Republicans, Rep. Marsha Blackburn (R-Tenn.) and Sen. Tom Coburn (R-Okla.), and Democrats, House Majority Leader Steny Hoyer (D-Md.) and Sen. Kent Conrad (D-N.D.), all agreed that the cost of health care was one of the biggest issues facing Americans.
They disagreed on how to drive down those costs.
"The disease is cost," said Coburn. "And until we put in the incentives to change the dynamics, the market dynamics, the fraud dynamics, the defensive medicine - that's $250 billion a year in defensive medicine costs.
"What we need is not more government," he said. "We need more market-oriented, patient-centered health care rather than government-centered health care."
Conrad countered that several of the proposals suggested by Coburn were already in the Senate's health care bill, and he took issue with Coburn's suggestion that the bill contained measures to increase the role of government.
"This is a market-oriented approach," he said. "The government doesn't run health care. This is not single-payer where the government would run it. This is based on private insurance delivered through state exchanges - which was originally a Republican idea."
A way to drive down health care costs, said Blackburn, is to let Americans purchase insurance in other states. "In my state of Tennessee, the bulk of my constituents live within 15 miles of the state line," she said. "When we checked our border states today, before we insert competition, they could generally save about $1,000 from being able to get past that stop sign at the state line."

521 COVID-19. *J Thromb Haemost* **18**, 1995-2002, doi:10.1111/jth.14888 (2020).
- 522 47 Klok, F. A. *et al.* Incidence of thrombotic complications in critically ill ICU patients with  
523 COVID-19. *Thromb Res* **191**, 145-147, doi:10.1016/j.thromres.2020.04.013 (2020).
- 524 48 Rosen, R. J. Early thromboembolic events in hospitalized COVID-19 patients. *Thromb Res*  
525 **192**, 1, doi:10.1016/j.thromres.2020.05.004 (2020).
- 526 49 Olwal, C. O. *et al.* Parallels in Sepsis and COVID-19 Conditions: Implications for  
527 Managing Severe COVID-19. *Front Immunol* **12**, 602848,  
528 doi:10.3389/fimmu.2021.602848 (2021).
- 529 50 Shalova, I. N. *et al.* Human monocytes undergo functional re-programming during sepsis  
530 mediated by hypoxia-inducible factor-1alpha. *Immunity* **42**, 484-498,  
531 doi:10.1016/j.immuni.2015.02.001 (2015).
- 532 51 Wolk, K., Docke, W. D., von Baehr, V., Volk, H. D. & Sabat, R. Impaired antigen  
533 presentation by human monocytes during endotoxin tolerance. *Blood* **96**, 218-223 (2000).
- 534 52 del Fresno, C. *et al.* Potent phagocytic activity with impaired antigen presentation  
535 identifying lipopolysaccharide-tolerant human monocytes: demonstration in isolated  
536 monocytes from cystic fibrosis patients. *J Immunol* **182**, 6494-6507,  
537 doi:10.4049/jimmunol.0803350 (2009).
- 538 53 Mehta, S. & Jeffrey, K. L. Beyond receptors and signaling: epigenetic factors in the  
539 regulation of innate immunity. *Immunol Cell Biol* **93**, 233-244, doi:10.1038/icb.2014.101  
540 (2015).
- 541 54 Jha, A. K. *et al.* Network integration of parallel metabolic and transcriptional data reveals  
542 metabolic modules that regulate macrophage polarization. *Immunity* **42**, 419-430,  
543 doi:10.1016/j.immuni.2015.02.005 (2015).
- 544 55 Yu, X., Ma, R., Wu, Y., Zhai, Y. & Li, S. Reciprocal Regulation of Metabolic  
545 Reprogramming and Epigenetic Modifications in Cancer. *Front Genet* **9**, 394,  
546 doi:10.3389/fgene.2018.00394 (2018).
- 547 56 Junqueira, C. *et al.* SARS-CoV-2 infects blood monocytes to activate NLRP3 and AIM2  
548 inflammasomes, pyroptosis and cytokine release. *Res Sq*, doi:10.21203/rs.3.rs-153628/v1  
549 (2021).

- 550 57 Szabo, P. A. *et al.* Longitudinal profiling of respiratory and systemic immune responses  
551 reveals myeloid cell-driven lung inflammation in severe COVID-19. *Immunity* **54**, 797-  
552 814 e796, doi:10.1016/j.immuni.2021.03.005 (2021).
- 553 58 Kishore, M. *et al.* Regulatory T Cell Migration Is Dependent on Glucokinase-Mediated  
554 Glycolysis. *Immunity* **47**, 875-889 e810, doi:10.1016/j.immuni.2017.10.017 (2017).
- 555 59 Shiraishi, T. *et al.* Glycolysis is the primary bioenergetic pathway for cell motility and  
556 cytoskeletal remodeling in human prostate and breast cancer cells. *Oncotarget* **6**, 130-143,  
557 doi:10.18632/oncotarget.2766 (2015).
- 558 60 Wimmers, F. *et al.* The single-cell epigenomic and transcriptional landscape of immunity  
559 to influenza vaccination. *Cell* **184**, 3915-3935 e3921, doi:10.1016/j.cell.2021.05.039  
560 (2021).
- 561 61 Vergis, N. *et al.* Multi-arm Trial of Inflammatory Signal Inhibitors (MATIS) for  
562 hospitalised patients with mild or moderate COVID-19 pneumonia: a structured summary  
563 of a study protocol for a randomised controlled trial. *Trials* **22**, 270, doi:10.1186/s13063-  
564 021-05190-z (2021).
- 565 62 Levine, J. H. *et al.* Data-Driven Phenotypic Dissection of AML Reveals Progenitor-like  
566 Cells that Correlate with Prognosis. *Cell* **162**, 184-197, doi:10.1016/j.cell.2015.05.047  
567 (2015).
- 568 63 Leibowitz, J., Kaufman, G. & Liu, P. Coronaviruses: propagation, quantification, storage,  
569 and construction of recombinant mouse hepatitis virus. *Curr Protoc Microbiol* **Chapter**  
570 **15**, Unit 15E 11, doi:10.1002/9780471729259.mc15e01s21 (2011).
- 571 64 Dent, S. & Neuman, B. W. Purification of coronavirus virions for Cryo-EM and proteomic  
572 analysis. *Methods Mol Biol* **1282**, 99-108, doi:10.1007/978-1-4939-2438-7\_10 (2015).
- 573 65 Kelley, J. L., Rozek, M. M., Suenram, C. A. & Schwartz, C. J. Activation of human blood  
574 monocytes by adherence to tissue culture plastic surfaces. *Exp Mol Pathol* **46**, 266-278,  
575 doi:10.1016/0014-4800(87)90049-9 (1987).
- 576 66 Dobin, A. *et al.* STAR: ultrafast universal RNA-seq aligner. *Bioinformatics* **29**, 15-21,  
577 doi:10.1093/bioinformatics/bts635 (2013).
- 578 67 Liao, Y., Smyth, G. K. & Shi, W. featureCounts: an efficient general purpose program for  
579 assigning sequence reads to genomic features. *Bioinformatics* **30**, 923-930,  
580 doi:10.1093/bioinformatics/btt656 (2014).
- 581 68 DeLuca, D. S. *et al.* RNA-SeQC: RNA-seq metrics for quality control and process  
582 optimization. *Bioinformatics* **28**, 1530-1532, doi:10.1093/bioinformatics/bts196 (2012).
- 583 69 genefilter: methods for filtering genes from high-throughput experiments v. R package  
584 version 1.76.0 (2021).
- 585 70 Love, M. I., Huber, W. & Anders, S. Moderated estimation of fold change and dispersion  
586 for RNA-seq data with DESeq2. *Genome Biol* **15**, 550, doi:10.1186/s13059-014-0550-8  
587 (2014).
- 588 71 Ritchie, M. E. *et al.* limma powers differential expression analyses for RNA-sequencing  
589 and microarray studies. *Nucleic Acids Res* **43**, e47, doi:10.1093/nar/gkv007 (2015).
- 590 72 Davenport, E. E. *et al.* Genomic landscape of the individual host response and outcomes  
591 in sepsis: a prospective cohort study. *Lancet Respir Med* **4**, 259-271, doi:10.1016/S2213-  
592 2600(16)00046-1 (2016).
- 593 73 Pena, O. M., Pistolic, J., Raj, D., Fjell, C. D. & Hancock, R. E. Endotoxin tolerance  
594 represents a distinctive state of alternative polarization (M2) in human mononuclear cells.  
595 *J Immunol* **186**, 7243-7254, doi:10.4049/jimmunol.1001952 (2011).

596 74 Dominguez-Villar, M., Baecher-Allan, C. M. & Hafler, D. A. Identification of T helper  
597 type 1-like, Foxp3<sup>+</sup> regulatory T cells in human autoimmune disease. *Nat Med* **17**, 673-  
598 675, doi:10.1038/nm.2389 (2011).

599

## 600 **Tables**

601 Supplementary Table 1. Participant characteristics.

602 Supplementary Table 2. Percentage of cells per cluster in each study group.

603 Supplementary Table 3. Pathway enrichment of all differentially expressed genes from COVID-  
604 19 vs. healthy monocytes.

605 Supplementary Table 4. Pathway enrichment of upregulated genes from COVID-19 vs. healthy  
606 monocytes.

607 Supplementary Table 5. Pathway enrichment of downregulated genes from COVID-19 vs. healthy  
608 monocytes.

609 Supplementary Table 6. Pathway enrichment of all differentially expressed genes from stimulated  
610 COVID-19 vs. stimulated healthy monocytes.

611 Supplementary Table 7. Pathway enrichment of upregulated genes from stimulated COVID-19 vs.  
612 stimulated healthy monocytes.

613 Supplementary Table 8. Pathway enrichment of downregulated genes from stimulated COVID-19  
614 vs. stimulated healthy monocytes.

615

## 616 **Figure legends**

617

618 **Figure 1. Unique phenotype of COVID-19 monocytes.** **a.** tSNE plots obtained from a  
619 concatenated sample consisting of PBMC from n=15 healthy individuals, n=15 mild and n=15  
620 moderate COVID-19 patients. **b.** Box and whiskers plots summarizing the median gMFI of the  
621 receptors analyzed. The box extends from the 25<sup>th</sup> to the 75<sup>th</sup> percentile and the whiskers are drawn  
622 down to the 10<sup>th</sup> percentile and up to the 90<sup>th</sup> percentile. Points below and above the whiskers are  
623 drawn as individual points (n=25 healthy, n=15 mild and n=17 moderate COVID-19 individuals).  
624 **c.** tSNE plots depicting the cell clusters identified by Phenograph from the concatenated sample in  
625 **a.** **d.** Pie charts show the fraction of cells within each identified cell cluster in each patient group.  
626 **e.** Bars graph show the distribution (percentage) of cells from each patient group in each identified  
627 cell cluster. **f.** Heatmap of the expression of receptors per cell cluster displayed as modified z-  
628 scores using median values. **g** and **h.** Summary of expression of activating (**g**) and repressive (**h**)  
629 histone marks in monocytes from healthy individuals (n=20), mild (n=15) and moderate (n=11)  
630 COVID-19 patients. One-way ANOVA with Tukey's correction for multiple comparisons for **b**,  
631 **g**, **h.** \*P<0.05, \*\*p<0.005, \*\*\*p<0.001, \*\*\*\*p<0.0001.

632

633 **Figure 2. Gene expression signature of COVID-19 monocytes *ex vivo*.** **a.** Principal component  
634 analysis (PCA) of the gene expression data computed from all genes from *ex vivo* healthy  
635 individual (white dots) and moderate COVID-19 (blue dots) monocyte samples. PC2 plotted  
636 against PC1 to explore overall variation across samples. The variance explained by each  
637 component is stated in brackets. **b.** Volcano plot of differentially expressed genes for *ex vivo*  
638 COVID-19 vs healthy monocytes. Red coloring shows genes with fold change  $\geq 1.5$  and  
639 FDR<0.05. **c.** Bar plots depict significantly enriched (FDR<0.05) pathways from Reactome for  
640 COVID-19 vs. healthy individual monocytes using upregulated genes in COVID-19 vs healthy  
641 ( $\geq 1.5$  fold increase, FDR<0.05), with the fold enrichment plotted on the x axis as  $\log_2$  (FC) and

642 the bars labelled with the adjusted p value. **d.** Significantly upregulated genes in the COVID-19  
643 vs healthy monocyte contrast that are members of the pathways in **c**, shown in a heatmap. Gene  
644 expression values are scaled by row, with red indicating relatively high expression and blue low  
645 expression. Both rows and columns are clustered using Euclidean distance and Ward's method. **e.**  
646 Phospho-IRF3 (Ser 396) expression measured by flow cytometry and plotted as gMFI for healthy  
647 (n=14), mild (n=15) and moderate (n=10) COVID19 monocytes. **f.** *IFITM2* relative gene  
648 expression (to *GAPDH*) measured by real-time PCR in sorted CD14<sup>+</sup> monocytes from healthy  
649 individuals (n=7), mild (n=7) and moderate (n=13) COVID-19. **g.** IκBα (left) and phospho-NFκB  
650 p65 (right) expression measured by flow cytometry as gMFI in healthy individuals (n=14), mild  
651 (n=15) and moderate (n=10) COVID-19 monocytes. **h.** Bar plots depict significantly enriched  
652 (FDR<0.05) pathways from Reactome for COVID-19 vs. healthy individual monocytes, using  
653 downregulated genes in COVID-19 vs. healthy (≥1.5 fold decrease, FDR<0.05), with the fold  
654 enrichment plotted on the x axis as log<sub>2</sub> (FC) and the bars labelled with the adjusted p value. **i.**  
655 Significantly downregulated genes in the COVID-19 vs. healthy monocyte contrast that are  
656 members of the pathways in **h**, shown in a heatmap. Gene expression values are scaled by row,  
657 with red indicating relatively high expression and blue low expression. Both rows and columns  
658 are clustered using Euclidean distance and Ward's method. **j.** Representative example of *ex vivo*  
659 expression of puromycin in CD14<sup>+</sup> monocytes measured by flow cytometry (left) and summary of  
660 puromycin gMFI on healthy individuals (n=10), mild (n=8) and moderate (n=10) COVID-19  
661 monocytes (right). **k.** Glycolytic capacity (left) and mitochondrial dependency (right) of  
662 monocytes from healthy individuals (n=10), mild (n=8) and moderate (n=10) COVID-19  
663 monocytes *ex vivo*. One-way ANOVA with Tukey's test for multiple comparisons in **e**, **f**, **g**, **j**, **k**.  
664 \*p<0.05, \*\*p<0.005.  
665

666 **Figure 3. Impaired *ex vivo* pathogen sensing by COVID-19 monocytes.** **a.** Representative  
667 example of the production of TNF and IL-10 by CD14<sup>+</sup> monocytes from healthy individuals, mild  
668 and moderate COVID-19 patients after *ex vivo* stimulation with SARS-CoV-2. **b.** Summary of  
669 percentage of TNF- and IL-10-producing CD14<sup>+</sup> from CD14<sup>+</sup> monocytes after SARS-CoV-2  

Hoyer said that at Thursday's health care summit, President Obama agreed that letting Americans buy health insurance across state lines was an appealing idea. But it had "some complications," said Hoyer.
He added, "Whether you compete across state lines or within the state, you're paying about $1,100 for people who aren't in the system because they're getting uncompensated care."
Costs could be lowered up to 16% by changing tort reform and eliminating fraud, said Coburn. Conrad said those two changes were good, but not enough.
"Reforming the tort system would help," said Conrad. "But the Congressional Budget Office tells us it's pretty modest - $50 billion over 10 years - when we're going to be spending $30 trillion over that period of time."
He added, "The experts told us the thing that would really matter is reforming the delivery system, instead of paying for procedures, to pay for quality outcomes. And in the Senate bill, we begin that very approach."
More from Face the Nation: